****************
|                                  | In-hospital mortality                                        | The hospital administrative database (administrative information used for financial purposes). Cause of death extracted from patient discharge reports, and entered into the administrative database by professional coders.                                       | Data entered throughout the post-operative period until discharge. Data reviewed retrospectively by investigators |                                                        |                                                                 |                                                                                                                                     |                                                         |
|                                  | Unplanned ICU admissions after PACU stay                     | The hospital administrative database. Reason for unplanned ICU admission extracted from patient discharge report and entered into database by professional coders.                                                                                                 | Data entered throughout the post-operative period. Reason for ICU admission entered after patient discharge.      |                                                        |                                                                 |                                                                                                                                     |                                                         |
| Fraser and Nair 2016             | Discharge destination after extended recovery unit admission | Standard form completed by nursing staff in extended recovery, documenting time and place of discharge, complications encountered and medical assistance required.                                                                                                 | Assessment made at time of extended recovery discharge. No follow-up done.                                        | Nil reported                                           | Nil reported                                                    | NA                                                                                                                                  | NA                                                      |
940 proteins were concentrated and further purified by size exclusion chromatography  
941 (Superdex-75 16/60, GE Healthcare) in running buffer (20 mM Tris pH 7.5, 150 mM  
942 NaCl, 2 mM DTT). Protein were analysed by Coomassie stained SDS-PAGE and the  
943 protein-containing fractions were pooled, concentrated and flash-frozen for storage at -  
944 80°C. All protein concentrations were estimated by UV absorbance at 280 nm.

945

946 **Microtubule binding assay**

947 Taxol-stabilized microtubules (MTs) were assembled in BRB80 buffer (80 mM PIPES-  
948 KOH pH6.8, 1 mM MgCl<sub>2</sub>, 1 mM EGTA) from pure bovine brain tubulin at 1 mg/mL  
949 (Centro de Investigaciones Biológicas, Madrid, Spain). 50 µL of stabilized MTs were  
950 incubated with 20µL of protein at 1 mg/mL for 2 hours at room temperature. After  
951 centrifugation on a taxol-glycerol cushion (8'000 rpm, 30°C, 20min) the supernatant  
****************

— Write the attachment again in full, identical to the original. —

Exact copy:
|                                  | In-hospital mortality                                        | The hospital administrative database (administrative information used for financial purposes). Cause of death extracted from patient discharge reports, and entered into the administrative database by professional coders.                                       | Data entered throughout the post-operative period until discharge. Data reviewed retrospectively by investigators |                                                        |                                                                 |                                                                                                                                     |                                                         |
|                                  | Unplanned ICU admissions after PACU stay                     | The hospital administrative database. Reason for unplanned ICU admission extracted from patient discharge report and entered into database by professional coders.                                                                                                 | Data entered throughout the post-operative period. Reason for ICU admission entered after patient discharge.      |                                                        |                                                                 |                                                                                                                                     |                                                         |
| Fraser and Nair 2016             | Discharge destination after extended recovery unit admission | Standard form completed by nursing staff in extended recovery, documenting time and place of discharge, complications encountered and medical assistance required.                                                                                                 | Assessment made at time of extended recovery discharge. No follow-up done.                                        | Nil reported                                           | Nil reported                                                    | NA                                                                                                                                  | NA                                                      |
940 proteins were concentrated and further purified by size exclusion chromatography  
941 (Superdex-75 16/60, GE Healthcare) in running buffer (20 mM Tris pH 7.5, 150 mM  
942 NaCl, 2 mM DTT). Protein were analysed by Coomassie stained SDS-PAGE and the  
943 protein-containing fractions were pooled, concentrated and flash-frozen for storage at -  
944 80°C. All protein concentrations were estimated by UV absorbance at 280 nm.

945

946 **Microtubule binding assay**

947 Taxol-stabilized microtubules (MTs) were assembled in BRB80 buffer (80 mM PIPES-  
948 KOH pH6.8, 1 mM MgCl<sub>2</sub>, 1 mM EGTA) from pure bovine brain tubulin at 1 mg/mL  
949 (Centro de Investigaciones Biológicas, Madrid, Spain). 50 µL of stabilized MTs were  
950 incubated with 20µL of protein at 1 mg/mL for 2 hours at room temperature. After  
951 centrifugation on a taxol-glycerol cushion (8'000 rpm, 30°C, 20min) the supernatant  